“The Israelis do not show sufficient appreciation for America’s role in backing Israel, economically, militarily and politically,” Abraham Foxman, the head of the Anti-Defamation League, told me. (UPDATE: Foxman just e-mailed me this statement: “The quote is accurate, but the context is wrong. I was referring to what troubles this administration about Israel, not what troubles leaders in the American Jewish community.”)
Heh. But the more troubling aspect of the column is this idea that any obvious clash of views or interests between the US and Israel is some kind of “crisis”. It certainly isn’t a crisis for Obama or the US. Paul Pillar makes a good point (seconded by Larison):
Sweep aside the politically-driven fiction about two countries that supposedly have everything in common and nothing in conflict and instead deal with reality, and the concept of crisis does not arise at all.
Nor does it really matter if Netanyahu “writes off” Obama in his last two years.
Obama can get the critical nuclear deal with Iran without the Israelis and without the Congress, for that matter, and the deal will (and already has) made an Iranian nuclear bomb much less of a threat than it once may have been. With the Iranian threat neutralized, Netanyahu will have to find another excuse to justify his creeping annexation of East Jerusalem and the West Bank. But with the Iran issue bracketed, the Obama administration can adjust its UN veto in defense of Israel, expose it to greater international isolation over the occupation, and publish the official American view of what the borders of the future Palestinian state will be.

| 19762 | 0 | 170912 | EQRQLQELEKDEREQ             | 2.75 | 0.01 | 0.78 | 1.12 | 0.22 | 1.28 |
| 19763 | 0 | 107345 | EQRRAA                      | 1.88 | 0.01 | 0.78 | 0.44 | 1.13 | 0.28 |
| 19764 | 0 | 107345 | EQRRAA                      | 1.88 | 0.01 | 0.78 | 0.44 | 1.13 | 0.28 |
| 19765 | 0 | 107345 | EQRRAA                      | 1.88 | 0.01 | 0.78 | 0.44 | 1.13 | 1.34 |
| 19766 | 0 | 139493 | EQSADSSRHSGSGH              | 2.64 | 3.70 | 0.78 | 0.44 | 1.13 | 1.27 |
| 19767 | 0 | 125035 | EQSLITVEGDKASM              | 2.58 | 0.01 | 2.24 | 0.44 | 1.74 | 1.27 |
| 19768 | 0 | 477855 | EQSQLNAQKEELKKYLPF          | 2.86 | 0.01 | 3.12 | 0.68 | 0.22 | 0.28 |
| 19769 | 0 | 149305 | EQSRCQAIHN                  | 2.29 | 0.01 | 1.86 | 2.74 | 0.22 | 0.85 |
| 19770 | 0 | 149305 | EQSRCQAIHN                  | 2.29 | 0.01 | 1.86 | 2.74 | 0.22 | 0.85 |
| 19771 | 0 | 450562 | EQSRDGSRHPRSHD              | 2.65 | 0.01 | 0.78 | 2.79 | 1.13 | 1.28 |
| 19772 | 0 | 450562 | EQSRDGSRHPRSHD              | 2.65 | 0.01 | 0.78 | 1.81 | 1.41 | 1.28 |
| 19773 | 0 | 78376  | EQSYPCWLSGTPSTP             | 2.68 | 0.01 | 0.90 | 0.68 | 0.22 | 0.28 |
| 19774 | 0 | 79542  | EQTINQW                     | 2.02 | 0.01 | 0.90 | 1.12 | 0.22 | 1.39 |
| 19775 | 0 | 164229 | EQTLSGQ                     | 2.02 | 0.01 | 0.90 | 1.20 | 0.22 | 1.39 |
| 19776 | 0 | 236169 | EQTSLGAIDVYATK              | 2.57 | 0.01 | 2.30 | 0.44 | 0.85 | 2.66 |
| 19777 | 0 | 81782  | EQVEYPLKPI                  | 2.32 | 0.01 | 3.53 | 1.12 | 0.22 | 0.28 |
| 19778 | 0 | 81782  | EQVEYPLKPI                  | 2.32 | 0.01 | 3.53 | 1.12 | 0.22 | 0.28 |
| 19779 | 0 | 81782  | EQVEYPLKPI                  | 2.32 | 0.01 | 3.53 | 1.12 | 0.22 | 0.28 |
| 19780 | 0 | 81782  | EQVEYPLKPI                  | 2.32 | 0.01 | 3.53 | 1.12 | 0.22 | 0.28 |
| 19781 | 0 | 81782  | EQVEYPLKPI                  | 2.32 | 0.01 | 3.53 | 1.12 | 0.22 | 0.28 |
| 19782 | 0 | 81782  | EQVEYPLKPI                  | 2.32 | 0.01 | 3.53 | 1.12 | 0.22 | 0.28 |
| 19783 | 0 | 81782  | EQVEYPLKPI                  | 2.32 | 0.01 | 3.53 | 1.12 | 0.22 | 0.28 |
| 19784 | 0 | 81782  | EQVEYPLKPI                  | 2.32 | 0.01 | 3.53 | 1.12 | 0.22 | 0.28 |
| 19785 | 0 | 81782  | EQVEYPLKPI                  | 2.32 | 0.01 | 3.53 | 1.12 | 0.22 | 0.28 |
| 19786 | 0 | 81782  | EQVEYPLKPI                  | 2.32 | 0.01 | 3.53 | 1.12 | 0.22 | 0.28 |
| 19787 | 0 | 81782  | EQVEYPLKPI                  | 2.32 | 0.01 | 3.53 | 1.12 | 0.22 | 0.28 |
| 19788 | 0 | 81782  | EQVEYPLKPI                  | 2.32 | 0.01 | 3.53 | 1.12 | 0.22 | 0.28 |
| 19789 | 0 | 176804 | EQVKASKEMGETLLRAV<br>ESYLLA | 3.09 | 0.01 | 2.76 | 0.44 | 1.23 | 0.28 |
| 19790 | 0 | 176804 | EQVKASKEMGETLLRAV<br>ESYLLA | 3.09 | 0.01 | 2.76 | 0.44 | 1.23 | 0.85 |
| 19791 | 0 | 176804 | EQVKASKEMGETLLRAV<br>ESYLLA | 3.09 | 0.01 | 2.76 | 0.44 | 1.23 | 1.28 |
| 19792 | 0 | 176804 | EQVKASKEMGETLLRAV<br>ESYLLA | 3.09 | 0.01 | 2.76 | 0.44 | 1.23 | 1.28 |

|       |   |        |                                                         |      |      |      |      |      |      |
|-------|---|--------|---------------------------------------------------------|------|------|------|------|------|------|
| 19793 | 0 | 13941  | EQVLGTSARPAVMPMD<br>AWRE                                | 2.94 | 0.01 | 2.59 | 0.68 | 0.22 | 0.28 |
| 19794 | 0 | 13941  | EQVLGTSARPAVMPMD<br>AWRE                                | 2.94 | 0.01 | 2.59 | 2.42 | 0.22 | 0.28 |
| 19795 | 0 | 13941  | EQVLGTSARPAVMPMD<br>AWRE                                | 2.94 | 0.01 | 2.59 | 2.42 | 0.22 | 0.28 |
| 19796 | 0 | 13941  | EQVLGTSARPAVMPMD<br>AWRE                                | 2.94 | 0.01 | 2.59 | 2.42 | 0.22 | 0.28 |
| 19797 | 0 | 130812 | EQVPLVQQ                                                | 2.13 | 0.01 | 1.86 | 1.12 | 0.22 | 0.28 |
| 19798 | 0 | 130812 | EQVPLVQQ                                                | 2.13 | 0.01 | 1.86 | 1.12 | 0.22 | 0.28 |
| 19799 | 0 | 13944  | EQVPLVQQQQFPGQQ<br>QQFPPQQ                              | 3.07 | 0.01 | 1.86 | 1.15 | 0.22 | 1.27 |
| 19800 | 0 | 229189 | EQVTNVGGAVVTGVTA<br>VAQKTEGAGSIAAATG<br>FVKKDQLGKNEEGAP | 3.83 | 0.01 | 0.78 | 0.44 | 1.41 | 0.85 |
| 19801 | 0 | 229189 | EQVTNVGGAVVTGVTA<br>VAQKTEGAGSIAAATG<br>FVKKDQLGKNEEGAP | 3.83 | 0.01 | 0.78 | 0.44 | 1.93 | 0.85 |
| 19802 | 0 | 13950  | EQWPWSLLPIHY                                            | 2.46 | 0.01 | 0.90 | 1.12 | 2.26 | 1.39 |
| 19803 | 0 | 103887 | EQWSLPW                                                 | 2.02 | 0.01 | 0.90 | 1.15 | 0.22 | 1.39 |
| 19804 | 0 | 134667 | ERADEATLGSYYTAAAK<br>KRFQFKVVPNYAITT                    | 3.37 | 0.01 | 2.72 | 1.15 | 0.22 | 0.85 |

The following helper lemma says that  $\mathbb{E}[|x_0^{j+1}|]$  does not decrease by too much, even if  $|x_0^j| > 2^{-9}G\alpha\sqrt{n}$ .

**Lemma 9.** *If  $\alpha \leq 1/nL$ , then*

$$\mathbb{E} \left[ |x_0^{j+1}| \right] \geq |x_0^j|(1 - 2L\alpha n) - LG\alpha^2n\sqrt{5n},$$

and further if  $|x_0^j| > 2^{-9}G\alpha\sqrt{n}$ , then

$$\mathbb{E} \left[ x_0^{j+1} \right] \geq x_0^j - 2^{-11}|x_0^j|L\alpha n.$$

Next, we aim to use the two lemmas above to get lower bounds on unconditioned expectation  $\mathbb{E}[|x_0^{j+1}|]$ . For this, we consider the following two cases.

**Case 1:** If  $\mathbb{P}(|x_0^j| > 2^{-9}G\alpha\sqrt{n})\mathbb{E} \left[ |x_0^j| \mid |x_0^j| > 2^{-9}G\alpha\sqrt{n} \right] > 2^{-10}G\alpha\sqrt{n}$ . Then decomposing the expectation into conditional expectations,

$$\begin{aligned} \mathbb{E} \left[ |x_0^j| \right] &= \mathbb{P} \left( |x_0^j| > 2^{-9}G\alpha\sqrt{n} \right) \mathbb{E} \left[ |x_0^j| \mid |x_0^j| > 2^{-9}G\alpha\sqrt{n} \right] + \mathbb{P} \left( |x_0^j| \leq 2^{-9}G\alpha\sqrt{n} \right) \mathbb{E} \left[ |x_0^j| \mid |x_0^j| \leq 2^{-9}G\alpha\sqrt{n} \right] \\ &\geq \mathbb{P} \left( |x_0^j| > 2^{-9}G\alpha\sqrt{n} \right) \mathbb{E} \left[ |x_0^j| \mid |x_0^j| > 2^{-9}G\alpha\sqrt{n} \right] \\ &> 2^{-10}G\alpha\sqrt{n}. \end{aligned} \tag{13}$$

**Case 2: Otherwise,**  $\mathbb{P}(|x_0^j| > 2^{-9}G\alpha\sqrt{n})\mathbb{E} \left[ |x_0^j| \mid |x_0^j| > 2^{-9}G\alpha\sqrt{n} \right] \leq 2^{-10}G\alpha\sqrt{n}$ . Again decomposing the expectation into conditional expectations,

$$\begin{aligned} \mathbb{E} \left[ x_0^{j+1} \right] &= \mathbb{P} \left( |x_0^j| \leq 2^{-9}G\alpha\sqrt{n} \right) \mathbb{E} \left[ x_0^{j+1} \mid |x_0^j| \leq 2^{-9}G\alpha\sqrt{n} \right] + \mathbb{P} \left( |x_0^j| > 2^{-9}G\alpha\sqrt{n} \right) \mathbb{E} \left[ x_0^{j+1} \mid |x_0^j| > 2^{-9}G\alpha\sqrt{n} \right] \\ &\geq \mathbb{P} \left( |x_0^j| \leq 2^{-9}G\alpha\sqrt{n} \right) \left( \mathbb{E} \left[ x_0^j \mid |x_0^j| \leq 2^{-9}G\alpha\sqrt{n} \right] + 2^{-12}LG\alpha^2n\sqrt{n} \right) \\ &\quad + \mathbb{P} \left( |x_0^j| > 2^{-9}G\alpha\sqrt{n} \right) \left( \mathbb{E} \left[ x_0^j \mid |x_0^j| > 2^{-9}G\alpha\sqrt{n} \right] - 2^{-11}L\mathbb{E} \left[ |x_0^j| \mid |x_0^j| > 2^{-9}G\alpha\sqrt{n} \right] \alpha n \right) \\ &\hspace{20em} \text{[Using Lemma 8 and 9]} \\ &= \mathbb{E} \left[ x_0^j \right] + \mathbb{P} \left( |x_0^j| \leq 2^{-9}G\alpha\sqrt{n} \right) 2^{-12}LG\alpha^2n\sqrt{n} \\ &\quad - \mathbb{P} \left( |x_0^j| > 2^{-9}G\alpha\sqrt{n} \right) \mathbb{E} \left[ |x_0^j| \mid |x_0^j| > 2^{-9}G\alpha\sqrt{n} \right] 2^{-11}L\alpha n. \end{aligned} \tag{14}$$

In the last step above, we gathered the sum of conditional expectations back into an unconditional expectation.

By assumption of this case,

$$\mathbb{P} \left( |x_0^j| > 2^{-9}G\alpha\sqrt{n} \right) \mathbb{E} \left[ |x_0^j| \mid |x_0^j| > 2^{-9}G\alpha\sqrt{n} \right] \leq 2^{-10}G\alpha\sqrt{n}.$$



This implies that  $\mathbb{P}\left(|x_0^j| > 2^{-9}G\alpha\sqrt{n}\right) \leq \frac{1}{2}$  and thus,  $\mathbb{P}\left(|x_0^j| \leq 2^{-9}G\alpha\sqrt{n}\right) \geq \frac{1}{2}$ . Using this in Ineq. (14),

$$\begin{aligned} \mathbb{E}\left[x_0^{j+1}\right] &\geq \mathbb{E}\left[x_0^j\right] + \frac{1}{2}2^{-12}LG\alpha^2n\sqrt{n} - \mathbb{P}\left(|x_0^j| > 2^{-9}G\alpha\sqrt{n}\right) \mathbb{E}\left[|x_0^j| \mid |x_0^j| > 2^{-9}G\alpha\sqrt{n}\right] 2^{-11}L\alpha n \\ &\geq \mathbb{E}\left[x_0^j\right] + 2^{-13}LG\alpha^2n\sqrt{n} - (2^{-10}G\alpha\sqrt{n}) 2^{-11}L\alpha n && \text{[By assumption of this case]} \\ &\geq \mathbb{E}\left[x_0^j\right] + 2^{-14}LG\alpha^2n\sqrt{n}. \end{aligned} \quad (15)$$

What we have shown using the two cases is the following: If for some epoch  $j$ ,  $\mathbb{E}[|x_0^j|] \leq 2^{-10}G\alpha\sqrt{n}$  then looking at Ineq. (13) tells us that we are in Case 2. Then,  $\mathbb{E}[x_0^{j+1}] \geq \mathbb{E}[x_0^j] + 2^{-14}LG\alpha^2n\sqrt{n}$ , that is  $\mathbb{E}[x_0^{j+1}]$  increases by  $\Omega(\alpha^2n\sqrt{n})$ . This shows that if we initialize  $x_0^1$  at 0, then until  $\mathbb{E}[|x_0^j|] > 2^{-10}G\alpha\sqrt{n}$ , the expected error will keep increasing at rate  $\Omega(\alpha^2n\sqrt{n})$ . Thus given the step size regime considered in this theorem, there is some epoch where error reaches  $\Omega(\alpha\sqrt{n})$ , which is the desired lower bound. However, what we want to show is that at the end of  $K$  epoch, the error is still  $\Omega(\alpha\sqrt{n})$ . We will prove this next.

It was always Obama’s strategy to offer Israel and Netanyahu every chance to abandon its neo-colonial enterprise, to do everything possible to reassure Israel about its security (the Iron Dome/the security guarantees and arrangements proposed by Kerry), but, in the end, to pursue America’s core interests in the region, if Israel and its powerful lobby refuse to budge an inch.
I suspect the Israelis have under-estimated Obama’s steel in this regard; and they may be particularly foolish to write him off in his last two years, when a president often has more leeway in conducting foreign policy, when Obama’s long game is designed to reach a conclusion, and when the president has nothing left electorally to lose. If the end result is a tamed Iranian nuclear program and progress toward a real two-state solution, it will have been well worth waiting for, won’t it?